‘Open mind, open heart’: Thousands expected for 2023 South Island Powwow

'Open mind, open heart': Thousands expected for 2023 South Island Powwow

The South Island Powwow will envelop Royal Athletic Park in Victoria on Sept. 30, and this year organizers are expecting big crowds.

The event, in its second year, is hosted by the Songhees Nation in partnership with the City of Victoria. Last year, 10,000 people attended, “with more people expected to attend this year,” according to the city in a release Monday.

That’s because First Nations from across Vancouver Island and on the mainland are invited to the Powwow, which is happening on Truth and Reconciliation Day at the park on Caledonia Avenue, “the homelands of the lÉ™k̓ʷəŋən people,” they say.

Truth and Reconciliation Day, also known as Orange Shirt Day, was established as an observance in 2013, a federal statutory holiday in 2021 and a stat in B.C. in 2023.

Songhees Chief Ron Sam says the Powwow “has rekindled a piece of Songhees history” and provides a safe space for healing, education and understanding.

“It also celebrates Indigenous cultures and resiliency and brings people together in celebration to build bridges amongst all Nations,” said the city.

It says the Powwow also recognizes survivors of residential schools and their families, all the while honouring those who never made it home from these institutions.

“We invite the public to be present, with an open mind and open heart to witness the resiliency of Indigenous Peoples on this important day,” said Chief Sam in the release.

The city says the Powwow will feature the traditional grand entry of Nations, as well as Indigenous song and dance, guest speakers and more than 80 vendors, including food trucks.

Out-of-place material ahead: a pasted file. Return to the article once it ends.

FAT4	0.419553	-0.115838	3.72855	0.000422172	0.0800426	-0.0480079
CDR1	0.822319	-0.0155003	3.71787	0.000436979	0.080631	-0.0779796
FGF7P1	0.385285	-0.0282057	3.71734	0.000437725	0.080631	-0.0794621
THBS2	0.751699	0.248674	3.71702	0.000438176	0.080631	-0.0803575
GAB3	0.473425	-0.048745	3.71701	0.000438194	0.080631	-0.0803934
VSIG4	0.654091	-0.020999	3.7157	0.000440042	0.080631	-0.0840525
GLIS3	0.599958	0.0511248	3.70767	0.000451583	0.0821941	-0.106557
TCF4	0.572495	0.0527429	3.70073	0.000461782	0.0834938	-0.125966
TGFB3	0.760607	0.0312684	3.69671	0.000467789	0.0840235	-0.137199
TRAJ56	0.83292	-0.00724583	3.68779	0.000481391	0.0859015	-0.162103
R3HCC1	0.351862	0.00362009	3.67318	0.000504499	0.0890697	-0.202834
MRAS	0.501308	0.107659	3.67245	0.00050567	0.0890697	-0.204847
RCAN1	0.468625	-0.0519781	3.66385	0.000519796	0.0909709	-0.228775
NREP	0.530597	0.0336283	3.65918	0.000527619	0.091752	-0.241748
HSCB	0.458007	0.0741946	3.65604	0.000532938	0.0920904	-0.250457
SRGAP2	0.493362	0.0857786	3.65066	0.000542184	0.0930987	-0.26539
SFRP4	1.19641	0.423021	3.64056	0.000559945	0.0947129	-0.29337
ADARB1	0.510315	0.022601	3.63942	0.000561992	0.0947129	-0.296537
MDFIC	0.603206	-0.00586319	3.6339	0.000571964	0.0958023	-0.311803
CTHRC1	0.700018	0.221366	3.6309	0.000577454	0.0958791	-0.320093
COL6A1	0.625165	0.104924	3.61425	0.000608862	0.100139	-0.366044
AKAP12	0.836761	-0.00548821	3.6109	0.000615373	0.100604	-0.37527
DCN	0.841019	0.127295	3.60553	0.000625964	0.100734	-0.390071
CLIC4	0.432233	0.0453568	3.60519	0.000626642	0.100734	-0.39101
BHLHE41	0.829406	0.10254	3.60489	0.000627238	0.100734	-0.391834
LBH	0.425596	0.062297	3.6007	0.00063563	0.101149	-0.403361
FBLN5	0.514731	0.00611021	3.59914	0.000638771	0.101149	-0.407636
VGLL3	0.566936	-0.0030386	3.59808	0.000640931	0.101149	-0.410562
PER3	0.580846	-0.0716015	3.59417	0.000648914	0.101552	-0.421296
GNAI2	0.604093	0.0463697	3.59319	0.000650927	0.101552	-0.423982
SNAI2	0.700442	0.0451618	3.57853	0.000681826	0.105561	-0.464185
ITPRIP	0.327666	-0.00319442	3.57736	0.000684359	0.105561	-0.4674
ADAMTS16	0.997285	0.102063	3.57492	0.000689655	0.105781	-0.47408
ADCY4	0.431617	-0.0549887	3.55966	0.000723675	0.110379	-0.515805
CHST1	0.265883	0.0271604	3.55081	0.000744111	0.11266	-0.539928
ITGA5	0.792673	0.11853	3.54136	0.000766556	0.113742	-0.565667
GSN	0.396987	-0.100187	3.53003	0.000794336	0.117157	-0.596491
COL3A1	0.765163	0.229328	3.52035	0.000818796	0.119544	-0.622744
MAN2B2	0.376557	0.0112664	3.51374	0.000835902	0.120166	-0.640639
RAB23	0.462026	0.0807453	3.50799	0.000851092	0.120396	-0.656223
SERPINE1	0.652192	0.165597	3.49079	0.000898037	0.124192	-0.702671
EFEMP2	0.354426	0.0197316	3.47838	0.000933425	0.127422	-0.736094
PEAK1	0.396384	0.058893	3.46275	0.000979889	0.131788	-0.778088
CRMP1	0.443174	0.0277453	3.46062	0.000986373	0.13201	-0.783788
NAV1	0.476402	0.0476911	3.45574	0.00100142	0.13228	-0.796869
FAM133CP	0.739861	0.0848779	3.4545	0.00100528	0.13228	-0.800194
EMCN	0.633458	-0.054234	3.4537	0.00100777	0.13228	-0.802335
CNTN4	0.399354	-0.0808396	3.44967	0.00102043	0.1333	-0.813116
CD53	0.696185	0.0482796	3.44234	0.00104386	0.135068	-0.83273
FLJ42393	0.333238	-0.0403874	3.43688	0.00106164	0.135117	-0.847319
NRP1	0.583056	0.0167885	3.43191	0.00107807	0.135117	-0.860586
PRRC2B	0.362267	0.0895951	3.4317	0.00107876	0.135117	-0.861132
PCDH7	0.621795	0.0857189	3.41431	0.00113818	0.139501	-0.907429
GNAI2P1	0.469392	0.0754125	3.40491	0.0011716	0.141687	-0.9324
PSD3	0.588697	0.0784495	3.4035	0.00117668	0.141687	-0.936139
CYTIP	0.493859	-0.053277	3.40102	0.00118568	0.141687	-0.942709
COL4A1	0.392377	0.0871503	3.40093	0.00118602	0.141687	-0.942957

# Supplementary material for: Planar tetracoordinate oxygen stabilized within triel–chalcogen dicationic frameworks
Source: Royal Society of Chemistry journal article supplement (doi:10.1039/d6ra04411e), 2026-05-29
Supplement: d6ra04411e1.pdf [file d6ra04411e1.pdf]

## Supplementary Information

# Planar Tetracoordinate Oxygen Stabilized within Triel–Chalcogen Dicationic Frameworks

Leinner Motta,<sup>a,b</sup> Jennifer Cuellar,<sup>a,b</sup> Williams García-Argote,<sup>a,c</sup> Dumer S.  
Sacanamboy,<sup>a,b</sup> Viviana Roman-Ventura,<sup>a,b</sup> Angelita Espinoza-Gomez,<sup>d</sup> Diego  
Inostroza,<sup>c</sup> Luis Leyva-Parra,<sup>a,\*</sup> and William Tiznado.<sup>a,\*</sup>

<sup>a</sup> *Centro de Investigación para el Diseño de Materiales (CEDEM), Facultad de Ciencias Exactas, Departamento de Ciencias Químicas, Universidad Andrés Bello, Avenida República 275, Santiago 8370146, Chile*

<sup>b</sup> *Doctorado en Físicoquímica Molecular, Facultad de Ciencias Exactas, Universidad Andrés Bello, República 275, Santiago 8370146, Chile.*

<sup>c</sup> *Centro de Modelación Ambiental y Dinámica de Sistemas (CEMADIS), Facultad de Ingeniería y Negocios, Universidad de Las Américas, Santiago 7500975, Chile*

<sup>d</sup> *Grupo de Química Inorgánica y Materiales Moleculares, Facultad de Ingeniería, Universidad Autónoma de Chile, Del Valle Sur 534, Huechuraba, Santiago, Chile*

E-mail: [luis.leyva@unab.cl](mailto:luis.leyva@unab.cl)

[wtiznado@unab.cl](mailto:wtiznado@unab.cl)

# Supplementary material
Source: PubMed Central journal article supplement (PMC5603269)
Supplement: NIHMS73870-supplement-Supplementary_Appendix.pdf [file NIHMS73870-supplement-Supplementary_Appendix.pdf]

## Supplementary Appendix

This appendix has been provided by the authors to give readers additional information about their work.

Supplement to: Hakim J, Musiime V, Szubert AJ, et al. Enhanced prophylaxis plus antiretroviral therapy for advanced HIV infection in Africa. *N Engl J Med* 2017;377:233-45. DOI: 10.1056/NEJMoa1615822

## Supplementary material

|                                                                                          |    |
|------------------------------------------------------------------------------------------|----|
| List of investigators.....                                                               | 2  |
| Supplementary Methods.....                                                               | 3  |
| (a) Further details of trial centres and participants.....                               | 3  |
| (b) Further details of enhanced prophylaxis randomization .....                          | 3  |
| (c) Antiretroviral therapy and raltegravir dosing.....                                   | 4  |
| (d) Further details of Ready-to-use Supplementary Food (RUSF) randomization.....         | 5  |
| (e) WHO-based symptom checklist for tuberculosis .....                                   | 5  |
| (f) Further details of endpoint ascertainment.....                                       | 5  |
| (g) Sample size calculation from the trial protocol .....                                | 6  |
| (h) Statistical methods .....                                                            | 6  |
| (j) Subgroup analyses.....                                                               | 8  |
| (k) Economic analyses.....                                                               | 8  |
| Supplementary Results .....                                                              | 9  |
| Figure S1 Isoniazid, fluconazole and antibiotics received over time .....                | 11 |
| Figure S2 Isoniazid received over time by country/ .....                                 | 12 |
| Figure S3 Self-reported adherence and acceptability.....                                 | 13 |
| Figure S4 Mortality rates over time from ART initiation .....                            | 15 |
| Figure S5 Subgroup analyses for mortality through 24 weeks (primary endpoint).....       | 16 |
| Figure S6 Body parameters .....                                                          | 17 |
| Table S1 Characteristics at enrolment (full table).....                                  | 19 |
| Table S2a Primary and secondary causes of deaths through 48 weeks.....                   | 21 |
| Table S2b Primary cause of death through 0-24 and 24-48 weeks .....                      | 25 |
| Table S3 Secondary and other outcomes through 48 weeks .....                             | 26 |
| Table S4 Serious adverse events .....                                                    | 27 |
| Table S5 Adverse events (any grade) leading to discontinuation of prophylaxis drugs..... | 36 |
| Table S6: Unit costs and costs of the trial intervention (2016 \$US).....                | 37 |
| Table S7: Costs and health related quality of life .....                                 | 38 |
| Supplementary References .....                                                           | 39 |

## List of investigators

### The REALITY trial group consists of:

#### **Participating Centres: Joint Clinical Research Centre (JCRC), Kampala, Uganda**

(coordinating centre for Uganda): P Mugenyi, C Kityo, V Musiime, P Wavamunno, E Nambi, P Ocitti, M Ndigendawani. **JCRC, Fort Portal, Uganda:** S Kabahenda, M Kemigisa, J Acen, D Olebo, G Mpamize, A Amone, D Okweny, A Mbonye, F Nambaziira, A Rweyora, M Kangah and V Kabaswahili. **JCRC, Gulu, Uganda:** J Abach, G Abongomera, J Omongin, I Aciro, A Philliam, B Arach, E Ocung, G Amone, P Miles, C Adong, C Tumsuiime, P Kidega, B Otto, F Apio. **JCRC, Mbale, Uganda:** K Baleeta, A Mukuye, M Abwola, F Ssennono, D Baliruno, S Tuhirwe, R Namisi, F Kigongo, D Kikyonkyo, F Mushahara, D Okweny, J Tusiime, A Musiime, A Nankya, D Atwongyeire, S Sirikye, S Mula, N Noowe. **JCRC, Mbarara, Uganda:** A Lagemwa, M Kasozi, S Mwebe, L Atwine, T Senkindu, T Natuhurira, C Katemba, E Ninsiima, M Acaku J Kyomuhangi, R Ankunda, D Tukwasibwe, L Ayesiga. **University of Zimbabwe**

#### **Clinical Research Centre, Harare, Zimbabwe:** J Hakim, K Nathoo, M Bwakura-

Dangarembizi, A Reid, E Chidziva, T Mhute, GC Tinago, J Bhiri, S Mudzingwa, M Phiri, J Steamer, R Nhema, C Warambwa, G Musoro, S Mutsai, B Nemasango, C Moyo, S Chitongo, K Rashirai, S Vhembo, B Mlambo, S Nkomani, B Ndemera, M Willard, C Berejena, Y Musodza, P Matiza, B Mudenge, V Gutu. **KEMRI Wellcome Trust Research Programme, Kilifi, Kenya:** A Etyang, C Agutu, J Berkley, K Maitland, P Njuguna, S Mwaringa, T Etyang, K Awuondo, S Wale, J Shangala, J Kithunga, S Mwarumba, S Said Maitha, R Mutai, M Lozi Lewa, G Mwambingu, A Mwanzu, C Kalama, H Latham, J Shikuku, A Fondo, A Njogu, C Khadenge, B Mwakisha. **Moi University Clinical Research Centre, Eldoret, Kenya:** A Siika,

Last year at Centennial Square in Victoria, prior to the Powwow, hundreds stood silently, some wiping tears, as residential school survivor Eddy Charlie spoke.

READ 2022 STORY: Canadians reflect about residential schools on Truth and Reconciliation Day

Charlie, from the Cowichan Valley, said he was five years old when he arrived at a residential school. Years away from family turned him and others into “perfect hate machines,” but the more he told his story of trauma, the easier it became to heal.

“That is my hope for victory on Orange Shirt Day,” he said.

The city says all are welcome to attend the Powwow, and admission is free. The gates will be opened at 10 a.m. with “two grand entries” at noon and 6 p.m.

“We welcome Songhees Nation’s invitation to the whole community to join the City in supporting the South Island Powwow as a meaningful step in our journeys of reconciliation,” added Victoria Mayor Marianne Alto.

More information is online.


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Ethan MorneauEthan Morneau

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